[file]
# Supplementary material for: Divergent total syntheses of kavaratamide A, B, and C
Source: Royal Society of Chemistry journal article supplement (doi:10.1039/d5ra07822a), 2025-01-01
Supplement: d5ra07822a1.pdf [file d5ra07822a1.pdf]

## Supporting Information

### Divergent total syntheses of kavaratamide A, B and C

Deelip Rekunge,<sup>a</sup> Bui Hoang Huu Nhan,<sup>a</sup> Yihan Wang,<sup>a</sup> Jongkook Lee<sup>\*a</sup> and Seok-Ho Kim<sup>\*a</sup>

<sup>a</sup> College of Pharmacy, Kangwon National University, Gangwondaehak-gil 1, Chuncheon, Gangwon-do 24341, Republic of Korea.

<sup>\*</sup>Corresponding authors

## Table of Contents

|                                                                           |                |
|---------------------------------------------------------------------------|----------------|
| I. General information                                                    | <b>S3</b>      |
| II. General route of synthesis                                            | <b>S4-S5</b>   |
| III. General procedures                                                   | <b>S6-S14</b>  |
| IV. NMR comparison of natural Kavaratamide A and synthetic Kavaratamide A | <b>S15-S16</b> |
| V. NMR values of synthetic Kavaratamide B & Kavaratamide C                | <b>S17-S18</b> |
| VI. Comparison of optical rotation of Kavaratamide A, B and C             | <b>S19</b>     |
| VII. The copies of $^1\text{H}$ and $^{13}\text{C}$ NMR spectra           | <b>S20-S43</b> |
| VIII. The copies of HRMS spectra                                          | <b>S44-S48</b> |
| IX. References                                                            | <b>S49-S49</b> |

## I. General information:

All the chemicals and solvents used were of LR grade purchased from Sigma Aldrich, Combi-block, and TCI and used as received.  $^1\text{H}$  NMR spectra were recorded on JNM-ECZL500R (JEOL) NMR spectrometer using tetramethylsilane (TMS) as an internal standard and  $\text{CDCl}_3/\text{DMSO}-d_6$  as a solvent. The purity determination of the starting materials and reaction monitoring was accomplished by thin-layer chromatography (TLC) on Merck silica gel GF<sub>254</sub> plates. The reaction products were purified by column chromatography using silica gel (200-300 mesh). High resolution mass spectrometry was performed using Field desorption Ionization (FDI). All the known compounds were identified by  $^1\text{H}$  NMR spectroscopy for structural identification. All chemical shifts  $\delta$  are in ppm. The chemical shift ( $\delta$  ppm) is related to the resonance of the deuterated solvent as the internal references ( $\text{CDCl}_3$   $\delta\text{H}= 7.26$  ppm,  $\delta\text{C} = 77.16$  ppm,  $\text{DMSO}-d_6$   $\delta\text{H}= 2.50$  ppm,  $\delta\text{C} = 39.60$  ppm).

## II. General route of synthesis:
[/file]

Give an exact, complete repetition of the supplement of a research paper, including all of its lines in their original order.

# Supplementary material for: Divergent total syntheses of kavaratamide A, B, and C
Source: Royal Society of Chemistry journal article supplement (doi:10.1039/d5ra07822a), 2025-01-01
Supplement: d5ra07822a1.pdf [file d5ra07822a1.pdf]

## Supporting Information

### Divergent total syntheses of kavaratamide A, B and C

Deelip Rekunge,<sup>a</sup> Bui Hoang Huu Nhan,<sup>a</sup> Yihan Wang,<sup>a</sup> Jongkook Lee<sup>\*a</sup> and Seok-Ho Kim<sup>\*a</sup>

<sup>a</sup> College of Pharmacy, Kangwon National University, Gangwondaehak-gil 1, Chuncheon, Gangwon-do 24341, Republic of Korea.

<sup>\*</sup>Corresponding authors

## Table of Contents

|                                                                           |                |
|---------------------------------------------------------------------------|----------------|
| I. General information                                                    | <b>S3</b>      |
| II. General route of synthesis                                            | <b>S4-S5</b>   |
| III. General procedures                                                   | <b>S6-S14</b>  |
| IV. NMR comparison of natural Kavaratamide A and synthetic Kavaratamide A | <b>S15-S16</b> |
| V. NMR values of synthetic Kavaratamide B & Kavaratamide C                | <b>S17-S18</b> |
| VI. Comparison of optical rotation of Kavaratamide A, B and C             | <b>S19</b>     |
| VII. The copies of $^1\text{H}$ and $^{13}\text{C}$ NMR spectra           | <b>S20-S43</b> |
| VIII. The copies of HRMS spectra                                          | <b>S44-S48</b> |
| IX. References                                                            | <b>S49-S49</b> |

## I. General information:

All the chemicals and solvents used were of LR grade purchased from Sigma Aldrich, Combi-block, and TCI and used as received.  $^1\text{H}$  NMR spectra were recorded on JNM-ECZL500R (JEOL) NMR spectrometer using tetramethylsilane (TMS) as an internal standard and  $\text{CDCl}_3/\text{DMSO}-d_6$  as a solvent. The purity determination of the starting materials and reaction monitoring was accomplished by thin-layer chromatography (TLC) on Merck silica gel GF<sub>254</sub> plates. The reaction products were purified by column chromatography using silica gel (200-300 mesh). High resolution mass spectrometry was performed using Field desorption Ionization (FDI). All the known compounds were identified by  $^1\text{H}$  NMR spectroscopy for structural identification. All chemical shifts  $\delta$  are in ppm. The chemical shift ( $\delta$  ppm) is related to the resonance of the deuterated solvent as the internal references ( $\text{CDCl}_3$   $\delta\text{H}= 7.26$  ppm,  $\delta\text{C} = 77.16$  ppm,  $\text{DMSO}-d_6$   $\delta\text{H}= 2.50$  ppm,  $\delta\text{C} = 39.60$  ppm).

## II. General route of synthesis: